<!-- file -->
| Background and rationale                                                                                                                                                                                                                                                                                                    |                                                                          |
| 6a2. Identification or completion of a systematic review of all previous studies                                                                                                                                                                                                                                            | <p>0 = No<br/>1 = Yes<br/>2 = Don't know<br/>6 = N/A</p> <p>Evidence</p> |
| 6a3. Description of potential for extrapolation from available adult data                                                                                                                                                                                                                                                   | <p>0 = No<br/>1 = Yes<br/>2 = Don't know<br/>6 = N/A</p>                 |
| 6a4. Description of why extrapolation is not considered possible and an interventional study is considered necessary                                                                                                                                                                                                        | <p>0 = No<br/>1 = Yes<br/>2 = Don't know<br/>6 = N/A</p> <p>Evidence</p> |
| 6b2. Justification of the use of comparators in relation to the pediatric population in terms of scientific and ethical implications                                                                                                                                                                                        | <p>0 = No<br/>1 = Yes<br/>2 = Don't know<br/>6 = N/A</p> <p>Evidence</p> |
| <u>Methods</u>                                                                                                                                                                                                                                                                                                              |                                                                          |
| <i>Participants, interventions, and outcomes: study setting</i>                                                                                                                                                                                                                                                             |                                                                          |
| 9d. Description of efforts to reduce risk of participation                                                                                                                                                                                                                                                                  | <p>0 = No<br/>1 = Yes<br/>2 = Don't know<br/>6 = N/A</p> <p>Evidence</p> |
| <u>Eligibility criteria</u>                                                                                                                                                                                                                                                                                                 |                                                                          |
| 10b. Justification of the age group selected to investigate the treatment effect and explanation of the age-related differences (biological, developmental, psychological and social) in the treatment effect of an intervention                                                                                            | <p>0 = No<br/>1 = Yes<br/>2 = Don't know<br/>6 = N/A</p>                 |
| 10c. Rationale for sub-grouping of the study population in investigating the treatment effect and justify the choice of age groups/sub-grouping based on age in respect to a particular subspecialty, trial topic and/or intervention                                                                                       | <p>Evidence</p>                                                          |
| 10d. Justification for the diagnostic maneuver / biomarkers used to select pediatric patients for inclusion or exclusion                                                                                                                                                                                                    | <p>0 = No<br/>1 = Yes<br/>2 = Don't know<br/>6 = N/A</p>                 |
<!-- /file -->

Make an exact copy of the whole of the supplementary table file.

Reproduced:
| Background and rationale                                                                                                                                                                                                                                                                                                    |                                                                          |
| 6a2. Identification or completion of a systematic review of all previous studies                                                                                                                                                                                                                                            | <p>0 = No<br/>1 = Yes<br/>2 = Don't know<br/>6 = N/A</p> <p>Evidence</p> |
| 6a3. Description of potential for extrapolation from available adult data                                                                                                                                                                                                                                                   | <p>0 = No<br/>1 = Yes<br/>2 = Don't know<br/>6 = N/A</p>                 |
| 6a4. Description of why extrapolation is not considered possible and an interventional study is considered necessary                                                                                                                                                                                                        | <p>0 = No<br/>1 = Yes<br/>2 = Don't know<br/>6 = N/A</p> <p>Evidence</p> |
| 6b2. Justification of the use of comparators in relation to the pediatric population in terms of scientific and ethical implications                                                                                                                                                                                        | <p>0 = No<br/>1 = Yes<br/>2 = Don't know<br/>6 = N/A</p> <p>Evidence</p> |
| <u>Methods</u>                                                                                                                                                                                                                                                                                                              |                                                                          |
| <i>Participants, interventions, and outcomes: study setting</i>                                                                                                                                                                                                                                                             |                                                                          |
| 9d. Description of efforts to reduce risk of participation                                                                                                                                                                                                                                                                  | <p>0 = No<br/>1 = Yes<br/>2 = Don't know<br/>6 = N/A</p> <p>Evidence</p> |
| <u>Eligibility criteria</u>                                                                                                                                                                                                                                                                                                 |                                                                          |
| 10b. Justification of the age group selected to investigate the treatment effect and explanation of the age-related differences (biological, developmental, psychological and social) in the treatment effect of an intervention                                                                                            | <p>0 = No<br/>1 = Yes<br/>2 = Don't know<br/>6 = N/A</p>                 |
| 10c. Rationale for sub-grouping of the study population in investigating the treatment effect and justify the choice of age groups/sub-grouping based on age in respect to a particular subspecialty, trial topic and/or intervention                                                                                       | <p>Evidence</p>                                                          |
| 10d. Justification for the diagnostic maneuver / biomarkers used to select pediatric patients for inclusion or exclusion                                                                                                                                                                                                    | <p>0 = No<br/>1 = Yes<br/>2 = Don't know<br/>6 = N/A</p>                 |